Joe Essid directs the Writing Center at the University of Richmond, where he teaches courses in the departments of English as well as Rhetoric & Communication Studies. He holds a PhD in American Literature, with a specialization in the History of Technology, from Indiana University. As Ignatius, Joe can be found wandering Second Life or, as Iggy Strangeland, in Open Sim grids. He writes for Prim Perfect about grids beyond SL. He has published several articles about pedagogically effective ways to teach with technology in writing-intensive classrooms. He also publishes short work about gardening, history of technology, and sustainability. Ever a geek, Joe designs and plays old paper-and-dice roleplaying games. His at-times snarky blog, "In a Strange Land," combines these interests from Joe's perspective as neo-luddite who rides a bike, refuses to use a cell phone, works on a farm, yet thinks avatars provide an ecologically sustainable way of communicating and building immersive simulations.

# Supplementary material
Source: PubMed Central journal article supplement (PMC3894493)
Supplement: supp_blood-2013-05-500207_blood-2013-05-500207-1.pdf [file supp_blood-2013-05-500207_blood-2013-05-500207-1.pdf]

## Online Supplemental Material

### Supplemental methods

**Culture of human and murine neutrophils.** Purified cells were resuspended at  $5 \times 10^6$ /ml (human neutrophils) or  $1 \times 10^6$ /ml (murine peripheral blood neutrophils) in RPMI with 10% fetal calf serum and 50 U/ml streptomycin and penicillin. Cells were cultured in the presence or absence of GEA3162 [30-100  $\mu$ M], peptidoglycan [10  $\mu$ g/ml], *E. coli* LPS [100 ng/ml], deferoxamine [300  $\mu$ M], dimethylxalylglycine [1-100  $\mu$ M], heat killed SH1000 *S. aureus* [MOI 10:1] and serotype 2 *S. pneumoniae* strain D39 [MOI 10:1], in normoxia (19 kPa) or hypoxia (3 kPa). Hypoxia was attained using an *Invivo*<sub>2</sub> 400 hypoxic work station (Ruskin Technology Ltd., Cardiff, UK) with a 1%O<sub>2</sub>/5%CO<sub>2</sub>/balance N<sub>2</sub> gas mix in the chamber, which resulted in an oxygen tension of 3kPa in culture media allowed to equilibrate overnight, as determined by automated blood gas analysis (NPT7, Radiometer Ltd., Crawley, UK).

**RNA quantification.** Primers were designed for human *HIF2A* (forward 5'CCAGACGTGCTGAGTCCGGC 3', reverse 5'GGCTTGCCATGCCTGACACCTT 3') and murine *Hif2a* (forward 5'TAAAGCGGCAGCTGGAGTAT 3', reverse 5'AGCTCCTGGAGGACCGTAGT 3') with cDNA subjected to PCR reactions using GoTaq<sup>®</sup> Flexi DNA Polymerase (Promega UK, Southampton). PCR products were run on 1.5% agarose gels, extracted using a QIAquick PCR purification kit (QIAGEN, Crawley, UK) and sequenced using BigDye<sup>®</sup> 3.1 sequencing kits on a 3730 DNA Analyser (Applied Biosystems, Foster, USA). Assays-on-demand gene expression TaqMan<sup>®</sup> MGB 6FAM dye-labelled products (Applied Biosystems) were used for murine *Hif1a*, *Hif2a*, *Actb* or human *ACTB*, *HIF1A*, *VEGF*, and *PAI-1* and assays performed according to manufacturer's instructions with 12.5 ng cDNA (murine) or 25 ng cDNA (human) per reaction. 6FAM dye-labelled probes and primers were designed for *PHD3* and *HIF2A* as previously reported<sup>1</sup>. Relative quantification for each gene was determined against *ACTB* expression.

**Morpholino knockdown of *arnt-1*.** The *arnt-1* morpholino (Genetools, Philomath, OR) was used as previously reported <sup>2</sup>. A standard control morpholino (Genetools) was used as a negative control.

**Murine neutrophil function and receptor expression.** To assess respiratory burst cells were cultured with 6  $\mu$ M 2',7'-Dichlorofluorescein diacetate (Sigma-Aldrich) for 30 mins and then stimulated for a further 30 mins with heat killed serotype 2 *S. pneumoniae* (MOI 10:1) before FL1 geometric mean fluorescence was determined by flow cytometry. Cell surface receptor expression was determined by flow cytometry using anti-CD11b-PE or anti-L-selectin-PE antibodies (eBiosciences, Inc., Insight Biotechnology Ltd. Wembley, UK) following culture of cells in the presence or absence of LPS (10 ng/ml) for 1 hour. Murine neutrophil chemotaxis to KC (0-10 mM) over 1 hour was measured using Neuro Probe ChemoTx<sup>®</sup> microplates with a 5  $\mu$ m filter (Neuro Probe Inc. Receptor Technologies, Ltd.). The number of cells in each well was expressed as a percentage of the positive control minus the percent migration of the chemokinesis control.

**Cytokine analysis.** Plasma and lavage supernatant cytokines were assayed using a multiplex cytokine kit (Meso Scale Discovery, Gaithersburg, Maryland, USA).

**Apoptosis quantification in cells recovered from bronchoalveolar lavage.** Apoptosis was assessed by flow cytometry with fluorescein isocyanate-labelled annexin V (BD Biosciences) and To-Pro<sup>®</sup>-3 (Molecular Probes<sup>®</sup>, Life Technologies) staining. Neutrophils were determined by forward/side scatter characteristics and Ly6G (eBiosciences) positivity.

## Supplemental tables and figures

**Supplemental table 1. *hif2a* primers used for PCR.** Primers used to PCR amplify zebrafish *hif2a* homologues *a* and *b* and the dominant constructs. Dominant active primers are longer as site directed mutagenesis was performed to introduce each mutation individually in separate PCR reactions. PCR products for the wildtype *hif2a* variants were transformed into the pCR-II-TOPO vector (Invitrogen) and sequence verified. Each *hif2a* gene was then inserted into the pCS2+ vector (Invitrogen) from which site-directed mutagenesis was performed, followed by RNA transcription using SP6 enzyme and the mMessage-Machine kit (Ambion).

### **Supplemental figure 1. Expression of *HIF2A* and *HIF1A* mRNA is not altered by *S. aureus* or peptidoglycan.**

4 Responses

  1. Ener Hax says:

    the older version of OpenSim is not as stable but is not the weak link in your deployment.  hardware is the big deal and a dedicated server always provides the most stability (and gobs of RAM, bandwidth, and CPU). Chris Hart is outstanding from Reaction Grid and prices for land like Jokaydia can’t be beat (you are getting Jokay’s personal expertise, which is invaluable for those not having the tech know-how)

    computers and apps like OpenSim will always be fickle but you can stack the odds in your favour and it pretty much boils down to money and your own desire for reliablility

    neat lesson for your students – it’s easy to think everything should run perfectly, but even Facebook with it’s 1000’s of servers and staff of 100s runs into bumps too =)